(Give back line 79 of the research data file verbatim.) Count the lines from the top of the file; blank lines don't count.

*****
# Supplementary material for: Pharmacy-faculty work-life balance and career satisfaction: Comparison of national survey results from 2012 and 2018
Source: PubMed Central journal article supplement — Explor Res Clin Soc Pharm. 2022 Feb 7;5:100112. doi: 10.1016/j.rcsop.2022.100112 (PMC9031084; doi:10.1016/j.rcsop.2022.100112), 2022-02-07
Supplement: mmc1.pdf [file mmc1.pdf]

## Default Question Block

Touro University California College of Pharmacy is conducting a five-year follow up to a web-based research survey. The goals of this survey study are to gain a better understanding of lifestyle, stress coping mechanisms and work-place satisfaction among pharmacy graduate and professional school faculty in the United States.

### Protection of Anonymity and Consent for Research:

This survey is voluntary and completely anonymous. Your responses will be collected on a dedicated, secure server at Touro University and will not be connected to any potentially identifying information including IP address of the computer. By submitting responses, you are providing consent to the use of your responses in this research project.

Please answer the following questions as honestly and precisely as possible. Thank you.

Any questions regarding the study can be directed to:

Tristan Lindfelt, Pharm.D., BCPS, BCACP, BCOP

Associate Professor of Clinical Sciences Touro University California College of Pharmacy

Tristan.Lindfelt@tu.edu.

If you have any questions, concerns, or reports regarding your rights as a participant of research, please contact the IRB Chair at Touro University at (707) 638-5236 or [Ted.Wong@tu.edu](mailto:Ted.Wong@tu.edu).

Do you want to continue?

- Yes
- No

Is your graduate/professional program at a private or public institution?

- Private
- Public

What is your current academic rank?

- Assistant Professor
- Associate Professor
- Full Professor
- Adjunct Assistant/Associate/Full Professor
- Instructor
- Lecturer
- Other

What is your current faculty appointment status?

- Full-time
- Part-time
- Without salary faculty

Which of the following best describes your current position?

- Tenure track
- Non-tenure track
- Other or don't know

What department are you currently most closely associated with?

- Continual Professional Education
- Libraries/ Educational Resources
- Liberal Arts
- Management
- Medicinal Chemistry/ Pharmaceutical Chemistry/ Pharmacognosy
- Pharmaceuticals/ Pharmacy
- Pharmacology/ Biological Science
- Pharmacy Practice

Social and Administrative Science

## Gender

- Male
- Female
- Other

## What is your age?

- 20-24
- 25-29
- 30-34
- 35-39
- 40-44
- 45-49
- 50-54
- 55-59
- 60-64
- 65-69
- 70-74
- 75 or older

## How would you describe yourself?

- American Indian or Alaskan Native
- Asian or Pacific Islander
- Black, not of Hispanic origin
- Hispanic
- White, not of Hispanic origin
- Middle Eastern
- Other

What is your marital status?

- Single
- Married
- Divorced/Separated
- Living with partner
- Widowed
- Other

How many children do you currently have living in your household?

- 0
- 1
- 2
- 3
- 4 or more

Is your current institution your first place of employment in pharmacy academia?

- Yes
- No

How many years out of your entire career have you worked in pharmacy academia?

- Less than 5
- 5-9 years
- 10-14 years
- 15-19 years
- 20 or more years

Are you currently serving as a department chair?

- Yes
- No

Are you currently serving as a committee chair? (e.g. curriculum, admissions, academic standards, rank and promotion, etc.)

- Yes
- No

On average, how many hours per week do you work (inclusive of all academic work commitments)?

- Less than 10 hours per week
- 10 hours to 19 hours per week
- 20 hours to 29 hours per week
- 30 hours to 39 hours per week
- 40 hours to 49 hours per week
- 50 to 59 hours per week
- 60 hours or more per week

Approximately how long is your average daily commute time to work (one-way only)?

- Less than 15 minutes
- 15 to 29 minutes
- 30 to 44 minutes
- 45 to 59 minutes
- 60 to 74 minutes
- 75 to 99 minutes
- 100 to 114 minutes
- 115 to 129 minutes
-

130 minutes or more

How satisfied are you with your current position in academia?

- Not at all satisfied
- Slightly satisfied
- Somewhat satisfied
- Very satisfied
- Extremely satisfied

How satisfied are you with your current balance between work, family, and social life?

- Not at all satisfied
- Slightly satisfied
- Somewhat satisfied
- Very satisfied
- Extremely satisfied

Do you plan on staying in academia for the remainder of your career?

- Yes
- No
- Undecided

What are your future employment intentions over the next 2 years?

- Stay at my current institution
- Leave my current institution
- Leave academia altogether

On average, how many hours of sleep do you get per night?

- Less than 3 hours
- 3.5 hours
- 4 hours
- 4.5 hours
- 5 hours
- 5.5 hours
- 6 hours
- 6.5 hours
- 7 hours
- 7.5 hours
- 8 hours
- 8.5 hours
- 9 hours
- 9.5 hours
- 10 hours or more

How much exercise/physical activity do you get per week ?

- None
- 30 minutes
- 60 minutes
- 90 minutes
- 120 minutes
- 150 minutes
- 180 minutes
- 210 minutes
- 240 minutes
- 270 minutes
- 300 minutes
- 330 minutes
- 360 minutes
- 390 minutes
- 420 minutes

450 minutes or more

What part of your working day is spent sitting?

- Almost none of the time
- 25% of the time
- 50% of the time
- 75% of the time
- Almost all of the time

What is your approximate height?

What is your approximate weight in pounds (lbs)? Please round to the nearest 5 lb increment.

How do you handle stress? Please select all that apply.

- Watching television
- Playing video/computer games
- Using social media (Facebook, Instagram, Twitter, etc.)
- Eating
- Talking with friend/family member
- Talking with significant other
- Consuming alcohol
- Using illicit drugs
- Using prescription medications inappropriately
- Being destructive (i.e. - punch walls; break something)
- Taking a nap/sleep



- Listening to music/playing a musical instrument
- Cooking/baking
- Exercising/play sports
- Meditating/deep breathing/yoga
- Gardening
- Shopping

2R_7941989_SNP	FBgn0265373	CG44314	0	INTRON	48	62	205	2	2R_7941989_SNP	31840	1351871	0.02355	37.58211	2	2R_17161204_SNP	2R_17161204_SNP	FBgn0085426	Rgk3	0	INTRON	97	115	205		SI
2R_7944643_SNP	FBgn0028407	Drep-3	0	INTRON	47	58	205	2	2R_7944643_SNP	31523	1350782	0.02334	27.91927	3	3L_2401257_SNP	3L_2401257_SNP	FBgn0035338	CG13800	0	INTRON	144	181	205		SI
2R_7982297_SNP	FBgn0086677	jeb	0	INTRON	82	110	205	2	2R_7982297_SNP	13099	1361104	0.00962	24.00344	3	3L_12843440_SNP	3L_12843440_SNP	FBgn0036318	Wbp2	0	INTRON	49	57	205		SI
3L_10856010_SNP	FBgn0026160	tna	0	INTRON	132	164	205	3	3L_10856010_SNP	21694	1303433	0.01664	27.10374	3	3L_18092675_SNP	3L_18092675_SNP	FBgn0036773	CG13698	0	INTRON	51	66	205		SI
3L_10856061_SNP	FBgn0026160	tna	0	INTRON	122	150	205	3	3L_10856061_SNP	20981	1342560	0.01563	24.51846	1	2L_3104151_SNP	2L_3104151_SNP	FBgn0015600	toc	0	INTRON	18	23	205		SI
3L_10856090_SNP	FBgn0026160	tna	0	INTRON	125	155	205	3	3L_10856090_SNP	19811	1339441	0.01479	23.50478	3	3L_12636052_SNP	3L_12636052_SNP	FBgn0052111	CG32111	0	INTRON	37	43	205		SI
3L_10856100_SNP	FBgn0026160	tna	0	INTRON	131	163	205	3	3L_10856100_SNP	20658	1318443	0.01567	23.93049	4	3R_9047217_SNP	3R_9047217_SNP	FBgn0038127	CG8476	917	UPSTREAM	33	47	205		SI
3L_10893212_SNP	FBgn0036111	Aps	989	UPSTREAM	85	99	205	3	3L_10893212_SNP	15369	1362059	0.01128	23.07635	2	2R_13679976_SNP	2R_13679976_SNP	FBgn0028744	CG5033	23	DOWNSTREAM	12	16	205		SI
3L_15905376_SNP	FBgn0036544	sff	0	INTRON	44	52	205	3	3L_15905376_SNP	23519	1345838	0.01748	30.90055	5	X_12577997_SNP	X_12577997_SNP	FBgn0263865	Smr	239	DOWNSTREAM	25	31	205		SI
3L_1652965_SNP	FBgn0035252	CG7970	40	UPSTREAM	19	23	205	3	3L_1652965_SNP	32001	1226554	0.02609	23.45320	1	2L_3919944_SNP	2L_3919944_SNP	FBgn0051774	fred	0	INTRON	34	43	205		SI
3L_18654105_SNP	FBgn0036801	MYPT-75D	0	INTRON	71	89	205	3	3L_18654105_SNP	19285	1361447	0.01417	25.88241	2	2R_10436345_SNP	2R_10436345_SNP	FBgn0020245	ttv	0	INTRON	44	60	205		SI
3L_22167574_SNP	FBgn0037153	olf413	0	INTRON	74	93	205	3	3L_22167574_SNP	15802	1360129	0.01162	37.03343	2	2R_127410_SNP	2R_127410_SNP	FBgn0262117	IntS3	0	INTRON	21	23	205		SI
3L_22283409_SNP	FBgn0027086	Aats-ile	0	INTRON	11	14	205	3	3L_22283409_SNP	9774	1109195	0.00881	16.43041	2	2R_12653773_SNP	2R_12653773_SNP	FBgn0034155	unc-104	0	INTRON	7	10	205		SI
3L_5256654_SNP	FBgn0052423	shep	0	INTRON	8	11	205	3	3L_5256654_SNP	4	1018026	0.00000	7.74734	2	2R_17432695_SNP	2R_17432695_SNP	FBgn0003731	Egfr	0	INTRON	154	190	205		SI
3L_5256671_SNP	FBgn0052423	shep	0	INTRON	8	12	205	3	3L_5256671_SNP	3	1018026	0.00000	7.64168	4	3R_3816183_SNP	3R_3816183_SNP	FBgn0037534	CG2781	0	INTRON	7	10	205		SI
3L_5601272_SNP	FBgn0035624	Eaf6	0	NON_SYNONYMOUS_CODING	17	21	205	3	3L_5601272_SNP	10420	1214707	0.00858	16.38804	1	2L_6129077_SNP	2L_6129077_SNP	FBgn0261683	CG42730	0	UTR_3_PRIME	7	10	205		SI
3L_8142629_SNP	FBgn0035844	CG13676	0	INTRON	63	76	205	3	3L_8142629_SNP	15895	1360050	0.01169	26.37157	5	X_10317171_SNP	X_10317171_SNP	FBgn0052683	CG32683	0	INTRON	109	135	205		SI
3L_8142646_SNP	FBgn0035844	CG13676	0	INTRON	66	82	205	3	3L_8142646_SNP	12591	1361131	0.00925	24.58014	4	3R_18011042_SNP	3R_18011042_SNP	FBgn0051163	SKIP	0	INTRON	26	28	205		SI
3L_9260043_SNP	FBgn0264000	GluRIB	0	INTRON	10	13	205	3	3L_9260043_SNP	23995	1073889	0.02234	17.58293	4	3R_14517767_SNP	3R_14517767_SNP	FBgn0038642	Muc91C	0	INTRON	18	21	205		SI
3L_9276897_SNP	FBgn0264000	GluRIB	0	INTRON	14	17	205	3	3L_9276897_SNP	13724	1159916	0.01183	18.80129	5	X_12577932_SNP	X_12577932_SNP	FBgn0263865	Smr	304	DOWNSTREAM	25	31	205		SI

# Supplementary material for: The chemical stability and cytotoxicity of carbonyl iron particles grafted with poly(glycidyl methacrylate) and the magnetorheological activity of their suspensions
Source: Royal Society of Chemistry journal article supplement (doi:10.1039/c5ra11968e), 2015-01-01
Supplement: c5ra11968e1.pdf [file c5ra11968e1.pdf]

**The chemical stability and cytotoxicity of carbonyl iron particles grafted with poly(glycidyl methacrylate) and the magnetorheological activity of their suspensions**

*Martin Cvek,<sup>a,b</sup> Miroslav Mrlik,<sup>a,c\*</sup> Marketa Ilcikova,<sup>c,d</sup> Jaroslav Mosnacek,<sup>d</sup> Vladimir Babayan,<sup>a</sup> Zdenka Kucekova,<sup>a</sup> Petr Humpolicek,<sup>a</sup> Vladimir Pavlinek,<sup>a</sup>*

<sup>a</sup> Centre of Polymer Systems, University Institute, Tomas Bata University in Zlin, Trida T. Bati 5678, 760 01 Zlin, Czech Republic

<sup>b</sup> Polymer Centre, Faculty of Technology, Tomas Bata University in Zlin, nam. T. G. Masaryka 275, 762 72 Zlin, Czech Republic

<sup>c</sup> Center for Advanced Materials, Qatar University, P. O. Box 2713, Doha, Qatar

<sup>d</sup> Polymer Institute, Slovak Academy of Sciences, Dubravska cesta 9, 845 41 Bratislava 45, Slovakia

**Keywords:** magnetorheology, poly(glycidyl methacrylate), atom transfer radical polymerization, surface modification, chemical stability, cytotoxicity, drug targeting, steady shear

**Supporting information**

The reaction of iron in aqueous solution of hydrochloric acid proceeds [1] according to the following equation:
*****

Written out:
- 0